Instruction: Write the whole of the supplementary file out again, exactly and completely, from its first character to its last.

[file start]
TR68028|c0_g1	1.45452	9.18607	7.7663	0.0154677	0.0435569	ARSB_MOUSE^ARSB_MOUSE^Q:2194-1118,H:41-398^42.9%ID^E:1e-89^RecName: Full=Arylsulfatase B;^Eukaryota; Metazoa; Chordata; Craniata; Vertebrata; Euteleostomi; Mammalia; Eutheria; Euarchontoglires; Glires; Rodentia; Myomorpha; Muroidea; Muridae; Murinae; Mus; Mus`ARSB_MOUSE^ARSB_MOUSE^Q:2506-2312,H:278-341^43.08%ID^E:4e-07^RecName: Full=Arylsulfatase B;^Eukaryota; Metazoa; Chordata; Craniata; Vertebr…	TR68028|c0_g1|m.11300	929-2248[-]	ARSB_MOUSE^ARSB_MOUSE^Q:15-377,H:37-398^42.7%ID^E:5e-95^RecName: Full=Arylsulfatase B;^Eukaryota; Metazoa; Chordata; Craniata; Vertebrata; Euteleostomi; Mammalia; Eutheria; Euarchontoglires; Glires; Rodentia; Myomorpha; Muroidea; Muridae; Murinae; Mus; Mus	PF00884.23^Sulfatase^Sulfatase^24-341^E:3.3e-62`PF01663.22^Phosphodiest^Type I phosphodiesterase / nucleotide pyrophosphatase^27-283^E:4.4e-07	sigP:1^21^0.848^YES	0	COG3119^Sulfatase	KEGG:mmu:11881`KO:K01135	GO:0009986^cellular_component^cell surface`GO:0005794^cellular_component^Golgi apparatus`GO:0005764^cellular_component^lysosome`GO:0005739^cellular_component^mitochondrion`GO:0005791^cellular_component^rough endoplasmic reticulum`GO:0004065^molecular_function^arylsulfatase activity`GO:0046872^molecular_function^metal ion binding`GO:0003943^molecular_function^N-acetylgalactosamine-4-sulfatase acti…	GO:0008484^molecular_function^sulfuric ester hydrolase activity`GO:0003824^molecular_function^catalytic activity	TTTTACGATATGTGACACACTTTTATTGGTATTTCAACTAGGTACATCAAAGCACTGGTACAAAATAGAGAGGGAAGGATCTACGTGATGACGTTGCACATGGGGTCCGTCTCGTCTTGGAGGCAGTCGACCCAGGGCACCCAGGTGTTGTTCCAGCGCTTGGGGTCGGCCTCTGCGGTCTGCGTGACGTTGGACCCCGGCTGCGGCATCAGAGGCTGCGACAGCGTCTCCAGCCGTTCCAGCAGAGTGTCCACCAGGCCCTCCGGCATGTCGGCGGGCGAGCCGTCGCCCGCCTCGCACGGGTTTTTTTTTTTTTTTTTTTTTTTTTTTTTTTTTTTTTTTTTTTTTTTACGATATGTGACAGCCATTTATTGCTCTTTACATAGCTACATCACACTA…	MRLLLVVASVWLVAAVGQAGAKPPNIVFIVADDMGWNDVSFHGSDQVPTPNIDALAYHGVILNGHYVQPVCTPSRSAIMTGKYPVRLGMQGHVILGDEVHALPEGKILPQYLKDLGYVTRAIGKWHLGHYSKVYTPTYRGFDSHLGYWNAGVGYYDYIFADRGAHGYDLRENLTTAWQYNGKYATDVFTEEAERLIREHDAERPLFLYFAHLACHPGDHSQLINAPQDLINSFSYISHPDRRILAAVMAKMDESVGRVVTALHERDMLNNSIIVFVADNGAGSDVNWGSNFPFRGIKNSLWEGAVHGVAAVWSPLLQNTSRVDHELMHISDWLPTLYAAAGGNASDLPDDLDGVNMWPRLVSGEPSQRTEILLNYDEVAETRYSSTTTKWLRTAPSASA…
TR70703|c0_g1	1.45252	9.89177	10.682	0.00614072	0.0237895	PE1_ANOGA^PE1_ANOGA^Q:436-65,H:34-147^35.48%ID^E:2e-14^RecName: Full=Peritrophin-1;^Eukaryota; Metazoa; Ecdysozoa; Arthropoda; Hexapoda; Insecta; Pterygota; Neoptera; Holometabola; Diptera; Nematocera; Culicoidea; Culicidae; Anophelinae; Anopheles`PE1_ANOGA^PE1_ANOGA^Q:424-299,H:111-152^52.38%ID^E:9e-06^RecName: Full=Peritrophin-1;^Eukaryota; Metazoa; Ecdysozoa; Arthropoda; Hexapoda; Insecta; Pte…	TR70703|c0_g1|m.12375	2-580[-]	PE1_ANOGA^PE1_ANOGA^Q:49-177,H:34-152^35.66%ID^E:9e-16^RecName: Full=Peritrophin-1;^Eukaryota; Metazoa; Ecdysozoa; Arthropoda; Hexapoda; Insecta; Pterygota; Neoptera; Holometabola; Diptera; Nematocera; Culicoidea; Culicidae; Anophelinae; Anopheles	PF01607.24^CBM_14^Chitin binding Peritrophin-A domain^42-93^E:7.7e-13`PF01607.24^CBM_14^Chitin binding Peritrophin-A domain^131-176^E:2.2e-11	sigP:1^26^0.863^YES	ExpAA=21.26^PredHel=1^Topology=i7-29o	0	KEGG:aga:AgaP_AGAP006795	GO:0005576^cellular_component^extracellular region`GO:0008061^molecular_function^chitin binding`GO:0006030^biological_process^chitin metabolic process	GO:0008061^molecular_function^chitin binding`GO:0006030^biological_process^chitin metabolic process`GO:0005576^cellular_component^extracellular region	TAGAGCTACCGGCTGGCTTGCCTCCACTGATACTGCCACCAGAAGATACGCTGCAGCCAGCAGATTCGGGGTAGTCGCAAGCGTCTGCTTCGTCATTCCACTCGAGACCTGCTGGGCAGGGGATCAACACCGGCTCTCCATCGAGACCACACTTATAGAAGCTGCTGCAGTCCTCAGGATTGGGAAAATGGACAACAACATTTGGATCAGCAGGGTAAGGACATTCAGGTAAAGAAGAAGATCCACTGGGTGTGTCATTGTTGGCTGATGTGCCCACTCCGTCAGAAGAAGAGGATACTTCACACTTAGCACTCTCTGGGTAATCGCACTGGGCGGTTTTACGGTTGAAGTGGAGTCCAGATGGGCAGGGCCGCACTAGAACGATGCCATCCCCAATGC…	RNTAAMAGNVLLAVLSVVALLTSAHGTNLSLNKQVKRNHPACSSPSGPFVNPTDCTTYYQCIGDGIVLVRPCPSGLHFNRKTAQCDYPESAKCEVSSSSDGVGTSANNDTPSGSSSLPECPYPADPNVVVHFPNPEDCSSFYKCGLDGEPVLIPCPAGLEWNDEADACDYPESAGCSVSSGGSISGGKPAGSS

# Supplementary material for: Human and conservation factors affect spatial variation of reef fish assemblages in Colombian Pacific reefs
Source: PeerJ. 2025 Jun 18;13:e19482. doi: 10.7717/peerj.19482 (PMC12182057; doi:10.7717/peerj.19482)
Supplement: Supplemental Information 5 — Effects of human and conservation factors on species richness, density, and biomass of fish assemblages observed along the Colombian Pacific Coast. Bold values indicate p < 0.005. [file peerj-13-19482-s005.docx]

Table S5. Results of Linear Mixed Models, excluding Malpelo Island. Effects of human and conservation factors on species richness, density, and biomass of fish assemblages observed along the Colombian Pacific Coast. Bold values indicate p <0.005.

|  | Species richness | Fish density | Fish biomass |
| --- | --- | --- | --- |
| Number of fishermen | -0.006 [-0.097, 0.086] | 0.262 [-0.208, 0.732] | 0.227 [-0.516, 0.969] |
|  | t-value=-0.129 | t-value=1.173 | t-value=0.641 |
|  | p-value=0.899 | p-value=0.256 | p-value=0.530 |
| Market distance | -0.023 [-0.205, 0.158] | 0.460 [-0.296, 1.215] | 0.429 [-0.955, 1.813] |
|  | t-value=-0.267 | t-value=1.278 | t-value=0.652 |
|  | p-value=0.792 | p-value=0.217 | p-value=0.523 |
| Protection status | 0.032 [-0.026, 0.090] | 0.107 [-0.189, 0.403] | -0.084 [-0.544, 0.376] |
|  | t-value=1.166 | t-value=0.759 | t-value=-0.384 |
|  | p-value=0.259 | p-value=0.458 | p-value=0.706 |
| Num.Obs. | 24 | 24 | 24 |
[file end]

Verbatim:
TR68028|c0_g1	1.45452	9.18607	7.7663	0.0154677	0.0435569	ARSB_MOUSE^ARSB_MOUSE^Q:2194-1118,H:41-398^42.9%ID^E:1e-89^RecName: Full=Arylsulfatase B;^Eukaryota; Metazoa; Chordata; Craniata; Vertebrata; Euteleostomi; Mammalia; Eutheria; Euarchontoglires; Glires; Rodentia; Myomorpha; Muroidea; Muridae; Murinae; Mus; Mus`ARSB_MOUSE^ARSB_MOUSE^Q:2506-2312,H:278-341^43.08%ID^E:4e-07^RecName: Full=Arylsulfatase B;^Eukaryota; Metazoa; Chordata; Craniata; Vertebr…	TR68028|c0_g1|m.11300	929-2248[-]	ARSB_MOUSE^ARSB_MOUSE^Q:15-377,H:37-398^42.7%ID^E:5e-95^RecName: Full=Arylsulfatase B;^Eukaryota; Metazoa; Chordata; Craniata; Vertebrata; Euteleostomi; Mammalia; Eutheria; Euarchontoglires; Glires; Rodentia; Myomorpha; Muroidea; Muridae; Murinae; Mus; Mus	PF00884.23^Sulfatase^Sulfatase^24-341^E:3.3e-62`PF01663.22^Phosphodiest^Type I phosphodiesterase / nucleotide pyrophosphatase^27-283^E:4.4e-07	sigP:1^21^0.848^YES	0	COG3119^Sulfatase	KEGG:mmu:11881`KO:K01135	GO:0009986^cellular_component^cell surface`GO:0005794^cellular_component^Golgi apparatus`GO:0005764^cellular_component^lysosome`GO:0005739^cellular_component^mitochondrion`GO:0005791^cellular_component^rough endoplasmic reticulum`GO:0004065^molecular_function^arylsulfatase activity`GO:0046872^molecular_function^metal ion binding`GO:0003943^molecular_function^N-acetylgalactosamine-4-sulfatase acti…	GO:0008484^molecular_function^sulfuric ester hydrolase activity`GO:0003824^molecular_function^catalytic activity	TTTTACGATATGTGACACACTTTTATTGGTATTTCAACTAGGTACATCAAAGCACTGGTACAAAATAGAGAGGGAAGGATCTACGTGATGACGTTGCACATGGGGTCCGTCTCGTCTTGGAGGCAGTCGACCCAGGGCACCCAGGTGTTGTTCCAGCGCTTGGGGTCGGCCTCTGCGGTCTGCGTGACGTTGGACCCCGGCTGCGGCATCAGAGGCTGCGACAGCGTCTCCAGCCGTTCCAGCAGAGTGTCCACCAGGCCCTCCGGCATGTCGGCGGGCGAGCCGTCGCCCGCCTCGCACGGGTTTTTTTTTTTTTTTTTTTTTTTTTTTTTTTTTTTTTTTTTTTTTTTACGATATGTGACAGCCATTTATTGCTCTTTACATAGCTACATCACACTA…	MRLLLVVASVWLVAAVGQAGAKPPNIVFIVADDMGWNDVSFHGSDQVPTPNIDALAYHGVILNGHYVQPVCTPSRSAIMTGKYPVRLGMQGHVILGDEVHALPEGKILPQYLKDLGYVTRAIGKWHLGHYSKVYTPTYRGFDSHLGYWNAGVGYYDYIFADRGAHGYDLRENLTTAWQYNGKYATDVFTEEAERLIREHDAERPLFLYFAHLACHPGDHSQLINAPQDLINSFSYISHPDRRILAAVMAKMDESVGRVVTALHERDMLNNSIIVFVADNGAGSDVNWGSNFPFRGIKNSLWEGAVHGVAAVWSPLLQNTSRVDHELMHISDWLPTLYAAAGGNASDLPDDLDGVNMWPRLVSGEPSQRTEILLNYDEVAETRYSSTTTKWLRTAPSASA…
TR70703|c0_g1	1.45252	9.89177	10.682	0.00614072	0.0237895	PE1_ANOGA^PE1_ANOGA^Q:436-65,H:34-147^35.48%ID^E:2e-14^RecName: Full=Peritrophin-1;^Eukaryota; Metazoa; Ecdysozoa; Arthropoda; Hexapoda; Insecta; Pterygota; Neoptera; Holometabola; Diptera; Nematocera; Culicoidea; Culicidae; Anophelinae; Anopheles`PE1_ANOGA^PE1_ANOGA^Q:424-299,H:111-152^52.38%ID^E:9e-06^RecName: Full=Peritrophin-1;^Eukaryota; Metazoa; Ecdysozoa; Arthropoda; Hexapoda; Insecta; Pte…	TR70703|c0_g1|m.12375	2-580[-]	PE1_ANOGA^PE1_ANOGA^Q:49-177,H:34-152^35.66%ID^E:9e-16^RecName: Full=Peritrophin-1;^Eukaryota; Metazoa; Ecdysozoa; Arthropoda; Hexapoda; Insecta; Pterygota; Neoptera; Holometabola; Diptera; Nematocera; Culicoidea; Culicidae; Anophelinae; Anopheles	PF01607.24^CBM_14^Chitin binding Peritrophin-A domain^42-93^E:7.7e-13`PF01607.24^CBM_14^Chitin binding Peritrophin-A domain^131-176^E:2.2e-11	sigP:1^26^0.863^YES	ExpAA=21.26^PredHel=1^Topology=i7-29o	0	KEGG:aga:AgaP_AGAP006795	GO:0005576^cellular_component^extracellular region`GO:0008061^molecular_function^chitin binding`GO:0006030^biological_process^chitin metabolic process	GO:0008061^molecular_function^chitin binding`GO:0006030^biological_process^chitin metabolic process`GO:0005576^cellular_component^extracellular region	TAGAGCTACCGGCTGGCTTGCCTCCACTGATACTGCCACCAGAAGATACGCTGCAGCCAGCAGATTCGGGGTAGTCGCAAGCGTCTGCTTCGTCATTCCACTCGAGACCTGCTGGGCAGGGGATCAACACCGGCTCTCCATCGAGACCACACTTATAGAAGCTGCTGCAGTCCTCAGGATTGGGAAAATGGACAACAACATTTGGATCAGCAGGGTAAGGACATTCAGGTAAAGAAGAAGATCCACTGGGTGTGTCATTGTTGGCTGATGTGCCCACTCCGTCAGAAGAAGAGGATACTTCACACTTAGCACTCTCTGGGTAATCGCACTGGGCGGTTTTACGGTTGAAGTGGAGTCCAGATGGGCAGGGCCGCACTAGAACGATGCCATCCCCAATGC…	RNTAAMAGNVLLAVLSVVALLTSAHGTNLSLNKQVKRNHPACSSPSGPFVNPTDCTTYYQCIGDGIVLVRPCPSGLHFNRKTAQCDYPESAKCEVSSSSDGVGTSANNDTPSGSSSLPECPYPADPNVVVHFPNPEDCSSFYKCGLDGEPVLIPCPAGLEWNDEADACDYPESAGCSVSSGGSISGGKPAGSS

# Supplementary material for: Human and conservation factors affect spatial variation of reef fish assemblages in Colombian Pacific reefs
Source: PeerJ. 2025 Jun 18;13:e19482. doi: 10.7717/peerj.19482 (PMC12182057; doi:10.7717/peerj.19482)
Supplement: Supplemental Information 5 — Effects of human and conservation factors on species richness, density, and biomass of fish assemblages observed along the Colombian Pacific Coast. Bold values indicate p < 0.005. [file peerj-13-19482-s005.docx]

Table S5. Results of Linear Mixed Models, excluding Malpelo Island. Effects of human and conservation factors on species richness, density, and biomass of fish assemblages observed along the Colombian Pacific Coast. Bold values indicate p <0.005.

|  | Species richness | Fish density | Fish biomass |
| --- | --- | --- | --- |
| Number of fishermen | -0.006 [-0.097, 0.086] | 0.262 [-0.208, 0.732] | 0.227 [-0.516, 0.969] |
|  | t-value=-0.129 | t-value=1.173 | t-value=0.641 |
|  | p-value=0.899 | p-value=0.256 | p-value=0.530 |
| Market distance | -0.023 [-0.205, 0.158] | 0.460 [-0.296, 1.215] | 0.429 [-0.955, 1.813] |
|  | t-value=-0.267 | t-value=1.278 | t-value=0.652 |
|  | p-value=0.792 | p-value=0.217 | p-value=0.523 |
| Protection status | 0.032 [-0.026, 0.090] | 0.107 [-0.189, 0.403] | -0.084 [-0.544, 0.376] |
|  | t-value=1.166 | t-value=0.759 | t-value=-0.384 |
|  | p-value=0.259 | p-value=0.458 | p-value=0.706 |
| Num.Obs. | 24 | 24 | 24 |